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Modeling and simulation of genetic regulatory networks by ordinary differential equations

H. de Jong, J. Geiselmann

J. Chen, E.R. Dougherty, I. Shmulevich, Z.J. Wang (eds), Genomic Signal Processing and Statistics, Hindawi Publishing Corporation, New York, 2005, 201‑239.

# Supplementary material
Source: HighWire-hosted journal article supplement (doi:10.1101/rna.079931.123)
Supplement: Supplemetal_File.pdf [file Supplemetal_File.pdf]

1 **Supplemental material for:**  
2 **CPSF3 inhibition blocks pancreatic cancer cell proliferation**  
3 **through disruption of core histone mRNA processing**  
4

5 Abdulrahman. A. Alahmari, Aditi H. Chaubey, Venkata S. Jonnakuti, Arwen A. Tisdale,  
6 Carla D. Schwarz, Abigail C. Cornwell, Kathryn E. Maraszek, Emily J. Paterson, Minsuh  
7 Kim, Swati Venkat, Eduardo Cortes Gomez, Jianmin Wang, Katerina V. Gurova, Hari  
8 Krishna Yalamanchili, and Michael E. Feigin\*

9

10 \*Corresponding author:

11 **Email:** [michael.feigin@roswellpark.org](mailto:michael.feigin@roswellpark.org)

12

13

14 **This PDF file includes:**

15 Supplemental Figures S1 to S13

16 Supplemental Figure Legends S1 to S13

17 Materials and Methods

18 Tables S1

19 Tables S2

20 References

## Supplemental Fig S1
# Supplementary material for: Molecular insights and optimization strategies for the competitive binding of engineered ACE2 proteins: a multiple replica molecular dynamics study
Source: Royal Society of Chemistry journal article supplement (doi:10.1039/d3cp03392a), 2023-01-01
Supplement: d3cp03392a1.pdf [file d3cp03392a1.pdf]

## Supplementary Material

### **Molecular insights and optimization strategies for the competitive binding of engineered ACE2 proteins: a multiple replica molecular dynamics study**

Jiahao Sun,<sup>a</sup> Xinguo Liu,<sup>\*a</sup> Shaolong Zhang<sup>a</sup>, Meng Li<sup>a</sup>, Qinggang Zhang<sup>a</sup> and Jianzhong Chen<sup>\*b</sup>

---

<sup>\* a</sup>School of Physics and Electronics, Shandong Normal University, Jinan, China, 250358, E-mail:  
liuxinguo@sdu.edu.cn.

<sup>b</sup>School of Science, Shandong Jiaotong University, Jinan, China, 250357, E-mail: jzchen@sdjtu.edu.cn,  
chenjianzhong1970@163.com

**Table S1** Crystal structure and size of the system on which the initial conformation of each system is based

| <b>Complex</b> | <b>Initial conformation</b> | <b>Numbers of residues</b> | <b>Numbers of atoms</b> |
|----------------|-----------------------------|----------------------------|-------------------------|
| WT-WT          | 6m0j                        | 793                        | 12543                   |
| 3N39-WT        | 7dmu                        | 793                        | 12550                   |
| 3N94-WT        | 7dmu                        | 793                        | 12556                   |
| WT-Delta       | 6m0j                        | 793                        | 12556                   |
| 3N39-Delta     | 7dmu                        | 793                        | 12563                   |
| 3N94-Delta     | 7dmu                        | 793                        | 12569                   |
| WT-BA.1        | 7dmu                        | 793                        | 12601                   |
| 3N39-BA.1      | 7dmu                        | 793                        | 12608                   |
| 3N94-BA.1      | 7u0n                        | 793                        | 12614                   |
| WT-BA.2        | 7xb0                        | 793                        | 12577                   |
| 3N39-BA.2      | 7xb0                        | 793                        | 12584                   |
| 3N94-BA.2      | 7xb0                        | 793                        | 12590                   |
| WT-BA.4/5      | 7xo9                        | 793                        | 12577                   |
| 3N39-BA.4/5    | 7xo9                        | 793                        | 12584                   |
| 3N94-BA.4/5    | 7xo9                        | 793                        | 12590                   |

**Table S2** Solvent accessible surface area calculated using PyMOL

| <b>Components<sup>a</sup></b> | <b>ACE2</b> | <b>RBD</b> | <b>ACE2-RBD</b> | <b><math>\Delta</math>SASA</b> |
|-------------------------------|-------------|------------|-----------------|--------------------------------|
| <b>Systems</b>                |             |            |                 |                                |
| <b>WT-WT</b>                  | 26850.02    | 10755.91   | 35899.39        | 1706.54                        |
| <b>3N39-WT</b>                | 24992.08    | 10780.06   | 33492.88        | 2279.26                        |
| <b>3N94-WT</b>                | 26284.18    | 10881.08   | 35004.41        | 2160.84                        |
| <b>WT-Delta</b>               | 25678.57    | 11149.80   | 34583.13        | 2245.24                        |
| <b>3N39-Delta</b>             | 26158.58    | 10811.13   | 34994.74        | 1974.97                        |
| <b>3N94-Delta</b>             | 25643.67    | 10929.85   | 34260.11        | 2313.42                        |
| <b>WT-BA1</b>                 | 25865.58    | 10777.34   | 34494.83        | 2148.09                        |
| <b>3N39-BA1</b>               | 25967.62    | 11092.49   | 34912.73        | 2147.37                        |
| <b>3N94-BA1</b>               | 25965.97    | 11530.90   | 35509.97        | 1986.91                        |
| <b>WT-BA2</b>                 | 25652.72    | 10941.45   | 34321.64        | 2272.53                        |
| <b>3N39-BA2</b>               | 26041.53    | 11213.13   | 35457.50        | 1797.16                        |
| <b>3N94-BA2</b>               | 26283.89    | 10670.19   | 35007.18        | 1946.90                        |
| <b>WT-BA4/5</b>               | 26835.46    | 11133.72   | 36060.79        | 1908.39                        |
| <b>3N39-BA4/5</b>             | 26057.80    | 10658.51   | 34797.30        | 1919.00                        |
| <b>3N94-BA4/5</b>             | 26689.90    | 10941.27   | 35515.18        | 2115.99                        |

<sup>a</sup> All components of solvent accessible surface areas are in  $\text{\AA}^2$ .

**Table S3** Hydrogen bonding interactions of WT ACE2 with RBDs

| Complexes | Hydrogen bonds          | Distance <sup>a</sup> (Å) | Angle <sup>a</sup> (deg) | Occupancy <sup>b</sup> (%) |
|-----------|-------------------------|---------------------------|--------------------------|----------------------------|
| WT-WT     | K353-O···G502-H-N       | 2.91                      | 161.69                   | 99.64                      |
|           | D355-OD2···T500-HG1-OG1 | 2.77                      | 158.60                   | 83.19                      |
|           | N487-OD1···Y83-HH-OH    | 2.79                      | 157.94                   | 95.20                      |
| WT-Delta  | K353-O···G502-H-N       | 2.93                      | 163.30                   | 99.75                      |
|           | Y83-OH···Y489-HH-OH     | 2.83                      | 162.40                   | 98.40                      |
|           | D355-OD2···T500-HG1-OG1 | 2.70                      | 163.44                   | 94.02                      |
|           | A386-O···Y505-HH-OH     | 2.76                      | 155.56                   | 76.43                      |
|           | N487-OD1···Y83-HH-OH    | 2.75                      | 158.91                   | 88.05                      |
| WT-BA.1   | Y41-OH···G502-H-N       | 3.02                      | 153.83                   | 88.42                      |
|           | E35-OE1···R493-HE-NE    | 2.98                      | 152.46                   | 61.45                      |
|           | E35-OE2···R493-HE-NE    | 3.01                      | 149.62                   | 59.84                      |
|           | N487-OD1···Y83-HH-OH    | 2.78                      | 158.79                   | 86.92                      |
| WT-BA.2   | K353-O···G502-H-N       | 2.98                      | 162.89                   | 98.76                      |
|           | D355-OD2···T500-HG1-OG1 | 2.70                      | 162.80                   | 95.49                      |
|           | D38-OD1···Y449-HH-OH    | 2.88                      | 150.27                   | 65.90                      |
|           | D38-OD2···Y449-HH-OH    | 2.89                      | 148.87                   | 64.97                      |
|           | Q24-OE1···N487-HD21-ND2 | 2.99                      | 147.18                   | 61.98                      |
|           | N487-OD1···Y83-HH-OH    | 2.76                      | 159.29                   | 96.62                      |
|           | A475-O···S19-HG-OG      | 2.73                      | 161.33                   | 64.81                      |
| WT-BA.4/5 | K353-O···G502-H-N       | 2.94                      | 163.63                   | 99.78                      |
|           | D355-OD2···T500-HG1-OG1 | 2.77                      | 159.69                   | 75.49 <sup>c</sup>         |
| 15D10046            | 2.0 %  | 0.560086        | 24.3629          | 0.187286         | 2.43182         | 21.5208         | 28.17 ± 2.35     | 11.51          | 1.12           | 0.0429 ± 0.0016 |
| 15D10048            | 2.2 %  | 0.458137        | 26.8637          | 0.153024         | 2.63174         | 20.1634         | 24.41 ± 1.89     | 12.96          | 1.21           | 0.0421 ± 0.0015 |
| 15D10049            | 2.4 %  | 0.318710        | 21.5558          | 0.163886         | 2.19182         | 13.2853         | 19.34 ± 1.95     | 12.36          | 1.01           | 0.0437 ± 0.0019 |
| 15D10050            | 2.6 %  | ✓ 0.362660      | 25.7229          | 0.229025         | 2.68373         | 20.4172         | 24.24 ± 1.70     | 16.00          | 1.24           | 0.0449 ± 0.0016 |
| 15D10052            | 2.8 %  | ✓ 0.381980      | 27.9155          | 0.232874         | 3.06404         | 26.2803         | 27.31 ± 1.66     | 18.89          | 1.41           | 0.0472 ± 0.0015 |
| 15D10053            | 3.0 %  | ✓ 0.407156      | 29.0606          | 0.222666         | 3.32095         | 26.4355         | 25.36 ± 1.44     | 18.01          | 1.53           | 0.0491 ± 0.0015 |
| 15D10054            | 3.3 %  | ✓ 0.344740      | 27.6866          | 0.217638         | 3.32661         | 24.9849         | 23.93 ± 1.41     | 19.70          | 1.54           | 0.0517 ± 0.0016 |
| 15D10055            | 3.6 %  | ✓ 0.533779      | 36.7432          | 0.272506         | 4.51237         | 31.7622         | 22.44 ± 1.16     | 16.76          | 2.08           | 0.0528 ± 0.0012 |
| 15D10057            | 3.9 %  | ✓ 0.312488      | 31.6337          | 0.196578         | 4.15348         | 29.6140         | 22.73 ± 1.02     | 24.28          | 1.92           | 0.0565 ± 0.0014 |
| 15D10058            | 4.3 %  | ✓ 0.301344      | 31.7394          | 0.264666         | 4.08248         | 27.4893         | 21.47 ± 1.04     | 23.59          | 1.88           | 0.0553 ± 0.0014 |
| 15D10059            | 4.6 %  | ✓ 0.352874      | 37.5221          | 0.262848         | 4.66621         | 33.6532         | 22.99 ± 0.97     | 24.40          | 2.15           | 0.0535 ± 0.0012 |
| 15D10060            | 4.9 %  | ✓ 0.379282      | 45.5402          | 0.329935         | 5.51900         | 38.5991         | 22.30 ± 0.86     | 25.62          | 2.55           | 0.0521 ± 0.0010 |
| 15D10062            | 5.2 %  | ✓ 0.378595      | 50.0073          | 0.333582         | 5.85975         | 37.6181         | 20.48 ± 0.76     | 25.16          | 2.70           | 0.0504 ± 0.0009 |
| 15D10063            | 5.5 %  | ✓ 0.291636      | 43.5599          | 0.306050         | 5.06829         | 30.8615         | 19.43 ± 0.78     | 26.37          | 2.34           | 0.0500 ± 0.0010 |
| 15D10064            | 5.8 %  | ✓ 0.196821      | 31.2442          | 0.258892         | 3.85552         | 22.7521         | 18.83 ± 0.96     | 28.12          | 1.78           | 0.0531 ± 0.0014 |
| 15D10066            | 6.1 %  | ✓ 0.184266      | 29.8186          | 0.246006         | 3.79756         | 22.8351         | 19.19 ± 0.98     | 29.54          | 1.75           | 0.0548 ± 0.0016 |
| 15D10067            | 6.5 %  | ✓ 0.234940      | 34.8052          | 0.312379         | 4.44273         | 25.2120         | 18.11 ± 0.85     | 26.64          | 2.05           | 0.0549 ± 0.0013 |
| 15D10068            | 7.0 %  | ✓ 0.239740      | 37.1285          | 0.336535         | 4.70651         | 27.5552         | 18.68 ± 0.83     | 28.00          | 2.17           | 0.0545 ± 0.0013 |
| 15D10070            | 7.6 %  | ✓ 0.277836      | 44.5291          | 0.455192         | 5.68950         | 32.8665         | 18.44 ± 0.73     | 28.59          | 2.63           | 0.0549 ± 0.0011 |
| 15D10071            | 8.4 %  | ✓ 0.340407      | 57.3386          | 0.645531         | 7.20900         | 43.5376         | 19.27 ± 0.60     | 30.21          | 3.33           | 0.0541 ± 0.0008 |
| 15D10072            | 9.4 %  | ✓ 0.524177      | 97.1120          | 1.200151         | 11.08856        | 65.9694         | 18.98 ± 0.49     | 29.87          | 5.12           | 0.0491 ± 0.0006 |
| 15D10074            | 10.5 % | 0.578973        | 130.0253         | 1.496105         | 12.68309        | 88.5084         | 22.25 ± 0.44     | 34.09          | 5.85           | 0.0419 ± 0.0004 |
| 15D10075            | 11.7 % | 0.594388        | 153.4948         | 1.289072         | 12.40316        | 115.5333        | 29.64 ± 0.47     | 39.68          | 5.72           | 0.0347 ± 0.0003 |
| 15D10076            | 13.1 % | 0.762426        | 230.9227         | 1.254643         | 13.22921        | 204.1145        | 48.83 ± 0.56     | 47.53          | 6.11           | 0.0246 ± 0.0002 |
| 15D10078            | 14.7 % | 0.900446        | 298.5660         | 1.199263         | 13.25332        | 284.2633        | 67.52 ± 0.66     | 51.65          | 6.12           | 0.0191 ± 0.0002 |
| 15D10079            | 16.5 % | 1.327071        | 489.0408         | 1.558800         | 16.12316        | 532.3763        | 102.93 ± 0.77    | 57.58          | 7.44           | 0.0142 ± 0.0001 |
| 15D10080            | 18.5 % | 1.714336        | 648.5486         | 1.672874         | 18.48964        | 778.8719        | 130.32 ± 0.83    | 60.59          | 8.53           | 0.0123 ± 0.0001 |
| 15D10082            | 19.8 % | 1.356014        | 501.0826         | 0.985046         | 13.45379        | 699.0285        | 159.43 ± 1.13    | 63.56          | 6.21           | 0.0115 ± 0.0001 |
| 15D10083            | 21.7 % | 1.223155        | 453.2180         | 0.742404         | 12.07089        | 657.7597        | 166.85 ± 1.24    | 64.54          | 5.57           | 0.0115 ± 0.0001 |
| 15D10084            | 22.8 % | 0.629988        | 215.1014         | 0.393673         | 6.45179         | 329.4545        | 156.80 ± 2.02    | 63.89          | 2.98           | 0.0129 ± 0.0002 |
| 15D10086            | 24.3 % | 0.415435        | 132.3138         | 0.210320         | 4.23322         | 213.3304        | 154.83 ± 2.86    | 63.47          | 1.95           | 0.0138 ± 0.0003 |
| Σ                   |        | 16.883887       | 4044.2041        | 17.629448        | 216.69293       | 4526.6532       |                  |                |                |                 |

A remarkable development in molecular biology has been the recent upscaling to the genomic level of its experimental methods. These methods produce, on a routine basis, enormous amounts of data on different aspects of the cell. A large part of the experimental data available today concern genetic regulatory networks underlying the functioning and differentiation of cells. In addition to high-throughput experimental methods, mathematical and computational approaches are indispensable for analyzing these networks of genes, proteins, small molecules, and their mutual interactions. In this chapter, we review methods for the modeling and simulation of genetic regulatory networks. A large number of approaches have been proposed in the literature, based on such formalisms as graphs, Boolean networks, differential equations, and stochastic master equations. We restrict the discussion here to ordinary differential equation models, which is probably the most-widely used formalism. In particular, we compare nonlinear, linear, and piecewise-linear differential equations, illustrating the application of these models by means of concrete examples taken from the literature.

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